Huge dams built in Gujarat, MP, Maharashtra and even Rajasthan for the development of the states are like the horse in the 'Ashwamedha yagya’. Just as none of the smaller kings had the courage to rein in the horse, not one of the states had a say in the building of the dam, but all are in constant debate on who gets how much share of water. Everyone eyes the huge electricity potential, no one talks of the lost land or the displaced people. But talks of the environmental impact of these dams need to be aired, of people who lost their homes and hearths. So a welfare government must hold the yagya, but only of a size that is possible, so that in case of a mishap there is only governmental loss, and not a loss of people and generations yet to come.
Tremors of an earthquake
What was the cause of the untold havoc caused by the October earthquake in Uttarakhand. Many plausible reasons have been cited by scientists and experts, and the construction materials in new buildings seem to share the blame for the tremendous loss and devastation caused by the shuddering and broken houses. Today we discuss earthquake resistant structures and demand the technology behind these for reconstructing homes in Uttarakhand. This seems to underline 2 facts that people who have lived for centuries in Uttarakhand are bereft of this knowledge, and also this secret science is understood only by an elite few. Maybe it’s time that we look at the construction followed for centuries in this hilly area. The houses had small doors and small windows for lesser heat dissipation, but this characteristic also ensured that the walls retained their strength. Double storey houses were common, where the house followed the natural slope of the hills. Another interesting concept was that no house would be higher than the mandir, which too were never built very tall. A good example is the Badrinath temple.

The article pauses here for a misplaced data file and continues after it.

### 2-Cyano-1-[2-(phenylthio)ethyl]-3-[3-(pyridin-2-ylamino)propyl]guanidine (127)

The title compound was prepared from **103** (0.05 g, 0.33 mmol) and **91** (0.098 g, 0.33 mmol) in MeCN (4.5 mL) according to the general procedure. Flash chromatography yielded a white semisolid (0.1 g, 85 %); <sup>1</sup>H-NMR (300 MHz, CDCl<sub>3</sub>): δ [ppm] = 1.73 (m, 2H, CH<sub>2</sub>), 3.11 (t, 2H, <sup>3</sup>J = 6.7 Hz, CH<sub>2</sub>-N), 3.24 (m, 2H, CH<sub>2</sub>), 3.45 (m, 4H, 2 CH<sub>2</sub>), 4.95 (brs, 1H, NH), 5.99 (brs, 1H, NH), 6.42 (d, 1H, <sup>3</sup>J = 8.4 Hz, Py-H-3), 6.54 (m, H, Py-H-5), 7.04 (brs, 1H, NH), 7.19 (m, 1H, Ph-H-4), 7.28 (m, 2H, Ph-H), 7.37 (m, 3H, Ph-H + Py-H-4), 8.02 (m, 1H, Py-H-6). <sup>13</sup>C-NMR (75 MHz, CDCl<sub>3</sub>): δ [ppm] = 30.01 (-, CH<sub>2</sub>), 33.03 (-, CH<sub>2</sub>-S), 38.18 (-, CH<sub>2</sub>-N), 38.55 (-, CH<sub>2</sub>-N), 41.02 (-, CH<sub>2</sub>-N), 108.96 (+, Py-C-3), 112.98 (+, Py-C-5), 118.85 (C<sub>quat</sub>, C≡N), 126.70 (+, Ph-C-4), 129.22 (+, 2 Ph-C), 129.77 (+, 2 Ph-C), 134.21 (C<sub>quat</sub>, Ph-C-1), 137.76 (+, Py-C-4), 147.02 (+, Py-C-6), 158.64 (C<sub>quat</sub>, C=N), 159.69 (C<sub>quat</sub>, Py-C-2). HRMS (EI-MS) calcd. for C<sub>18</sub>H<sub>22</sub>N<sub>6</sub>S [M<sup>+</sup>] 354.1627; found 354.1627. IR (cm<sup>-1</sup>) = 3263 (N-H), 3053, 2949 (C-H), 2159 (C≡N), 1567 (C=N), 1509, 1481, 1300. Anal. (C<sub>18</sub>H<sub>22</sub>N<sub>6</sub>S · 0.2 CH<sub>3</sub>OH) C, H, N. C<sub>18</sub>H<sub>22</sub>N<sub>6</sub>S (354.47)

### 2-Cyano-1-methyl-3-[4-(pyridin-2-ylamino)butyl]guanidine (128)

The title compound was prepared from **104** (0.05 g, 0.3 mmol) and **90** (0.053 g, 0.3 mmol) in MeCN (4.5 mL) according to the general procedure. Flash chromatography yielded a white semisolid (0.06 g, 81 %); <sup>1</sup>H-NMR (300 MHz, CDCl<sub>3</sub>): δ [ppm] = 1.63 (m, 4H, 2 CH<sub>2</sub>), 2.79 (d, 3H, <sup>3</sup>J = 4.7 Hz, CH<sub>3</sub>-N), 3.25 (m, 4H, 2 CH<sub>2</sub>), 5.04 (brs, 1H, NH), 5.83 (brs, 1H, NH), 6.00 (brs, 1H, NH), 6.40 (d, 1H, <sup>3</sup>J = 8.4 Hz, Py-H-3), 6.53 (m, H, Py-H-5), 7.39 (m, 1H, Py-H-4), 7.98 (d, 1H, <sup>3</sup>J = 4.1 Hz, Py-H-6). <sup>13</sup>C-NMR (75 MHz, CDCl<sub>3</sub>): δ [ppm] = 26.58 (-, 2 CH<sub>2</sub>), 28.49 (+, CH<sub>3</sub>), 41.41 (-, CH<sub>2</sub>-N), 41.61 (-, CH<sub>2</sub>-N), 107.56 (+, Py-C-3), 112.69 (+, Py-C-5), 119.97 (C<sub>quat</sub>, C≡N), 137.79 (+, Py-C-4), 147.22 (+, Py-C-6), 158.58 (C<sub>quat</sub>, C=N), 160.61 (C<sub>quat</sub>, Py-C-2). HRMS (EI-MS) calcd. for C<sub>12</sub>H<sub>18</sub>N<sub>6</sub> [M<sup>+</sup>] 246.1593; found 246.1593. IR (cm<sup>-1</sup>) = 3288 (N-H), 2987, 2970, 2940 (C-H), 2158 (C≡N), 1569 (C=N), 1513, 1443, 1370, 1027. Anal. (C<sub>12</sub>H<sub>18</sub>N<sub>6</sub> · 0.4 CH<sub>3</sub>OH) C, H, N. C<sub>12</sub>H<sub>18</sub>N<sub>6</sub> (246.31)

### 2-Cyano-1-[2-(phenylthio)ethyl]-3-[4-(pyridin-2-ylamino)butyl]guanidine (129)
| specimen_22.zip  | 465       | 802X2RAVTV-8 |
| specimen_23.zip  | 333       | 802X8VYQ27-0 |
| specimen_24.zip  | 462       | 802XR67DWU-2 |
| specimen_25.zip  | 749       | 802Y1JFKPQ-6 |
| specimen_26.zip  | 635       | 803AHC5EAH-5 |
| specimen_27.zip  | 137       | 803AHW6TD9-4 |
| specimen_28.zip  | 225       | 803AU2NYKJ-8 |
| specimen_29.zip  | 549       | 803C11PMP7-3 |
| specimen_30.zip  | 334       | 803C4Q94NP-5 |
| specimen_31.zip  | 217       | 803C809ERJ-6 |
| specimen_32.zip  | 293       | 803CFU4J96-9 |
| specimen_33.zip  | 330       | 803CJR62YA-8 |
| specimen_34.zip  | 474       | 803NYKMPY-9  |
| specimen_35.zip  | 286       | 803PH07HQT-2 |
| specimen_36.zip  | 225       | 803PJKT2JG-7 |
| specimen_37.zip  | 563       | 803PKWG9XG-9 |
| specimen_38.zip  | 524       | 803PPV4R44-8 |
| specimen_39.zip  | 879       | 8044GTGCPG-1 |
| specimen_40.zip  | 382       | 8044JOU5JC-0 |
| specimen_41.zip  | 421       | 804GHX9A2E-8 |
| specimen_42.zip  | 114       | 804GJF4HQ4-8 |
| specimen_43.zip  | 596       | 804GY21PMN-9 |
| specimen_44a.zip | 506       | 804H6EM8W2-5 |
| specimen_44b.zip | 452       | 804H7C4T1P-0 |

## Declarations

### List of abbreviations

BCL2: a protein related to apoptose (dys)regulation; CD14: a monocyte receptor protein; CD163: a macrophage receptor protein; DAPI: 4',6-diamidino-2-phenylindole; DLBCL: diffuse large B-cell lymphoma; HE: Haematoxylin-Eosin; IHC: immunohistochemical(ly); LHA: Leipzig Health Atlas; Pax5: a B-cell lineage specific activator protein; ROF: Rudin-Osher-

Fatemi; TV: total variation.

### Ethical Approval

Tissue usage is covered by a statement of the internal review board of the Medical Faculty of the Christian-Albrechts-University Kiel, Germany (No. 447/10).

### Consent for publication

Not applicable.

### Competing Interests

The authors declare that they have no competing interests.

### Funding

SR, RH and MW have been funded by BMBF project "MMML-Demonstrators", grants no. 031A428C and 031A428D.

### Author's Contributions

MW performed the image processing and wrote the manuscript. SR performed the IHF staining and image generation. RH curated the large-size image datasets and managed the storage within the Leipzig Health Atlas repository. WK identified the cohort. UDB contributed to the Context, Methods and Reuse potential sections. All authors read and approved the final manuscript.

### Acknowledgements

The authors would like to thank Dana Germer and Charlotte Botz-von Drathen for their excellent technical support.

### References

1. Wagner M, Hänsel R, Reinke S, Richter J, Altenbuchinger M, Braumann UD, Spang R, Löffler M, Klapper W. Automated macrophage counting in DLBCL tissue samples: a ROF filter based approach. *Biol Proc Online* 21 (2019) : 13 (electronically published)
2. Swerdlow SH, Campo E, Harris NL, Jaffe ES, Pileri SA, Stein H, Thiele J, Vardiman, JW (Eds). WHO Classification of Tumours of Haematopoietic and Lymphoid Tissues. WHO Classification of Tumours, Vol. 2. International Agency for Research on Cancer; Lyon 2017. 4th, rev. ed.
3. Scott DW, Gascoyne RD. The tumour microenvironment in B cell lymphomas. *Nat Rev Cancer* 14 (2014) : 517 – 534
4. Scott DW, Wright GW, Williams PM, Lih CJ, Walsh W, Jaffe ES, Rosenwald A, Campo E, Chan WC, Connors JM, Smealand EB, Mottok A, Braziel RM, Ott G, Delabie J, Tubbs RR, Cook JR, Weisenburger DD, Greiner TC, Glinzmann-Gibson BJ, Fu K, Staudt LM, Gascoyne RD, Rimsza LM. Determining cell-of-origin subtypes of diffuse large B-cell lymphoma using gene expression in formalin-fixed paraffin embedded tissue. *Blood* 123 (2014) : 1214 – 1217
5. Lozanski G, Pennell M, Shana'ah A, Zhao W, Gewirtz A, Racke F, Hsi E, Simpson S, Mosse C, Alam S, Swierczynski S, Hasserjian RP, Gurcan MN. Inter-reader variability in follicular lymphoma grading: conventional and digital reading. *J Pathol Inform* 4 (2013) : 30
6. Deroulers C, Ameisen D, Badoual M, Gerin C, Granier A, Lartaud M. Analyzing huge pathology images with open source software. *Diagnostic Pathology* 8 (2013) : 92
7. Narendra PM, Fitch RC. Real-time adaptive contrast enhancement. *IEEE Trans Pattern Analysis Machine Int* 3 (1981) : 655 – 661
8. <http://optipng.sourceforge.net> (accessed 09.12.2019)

People from the hills live under tall mountain ranges which they view with love and affection. We have no right to comment on the durability or earthquake resistance capability of double storey houses in Uttarakhand, especially if we look at the absurd monstrosities we churn out in our cities.
Environment Day: It’s true significance
The tussle between development and environment is nothing new, it still continues unabated. What needs to be understand is its inequitable distribution. The powerful steal the rights of the less empowered with impunity. Delhi will not only use the water from Yamuna, but for increasing thirst, drag water from the faraway Ganga River too. We seem hell bent on destroying our planet in the name of modern science, technology and development, and guzzling up its finite resources not simply for our need but our greed. We not only seize everything from nature, and also pollute it in the process. Everything today is an industry, including agriculture, building dams and water supply systems. We need to nurture our environmental consciousness, else a small part of society will consume a much larger share of resources. Until we understand this difference between random talk and concrete action, observing environment day will continue to be just another paper celebration.
The seed merchants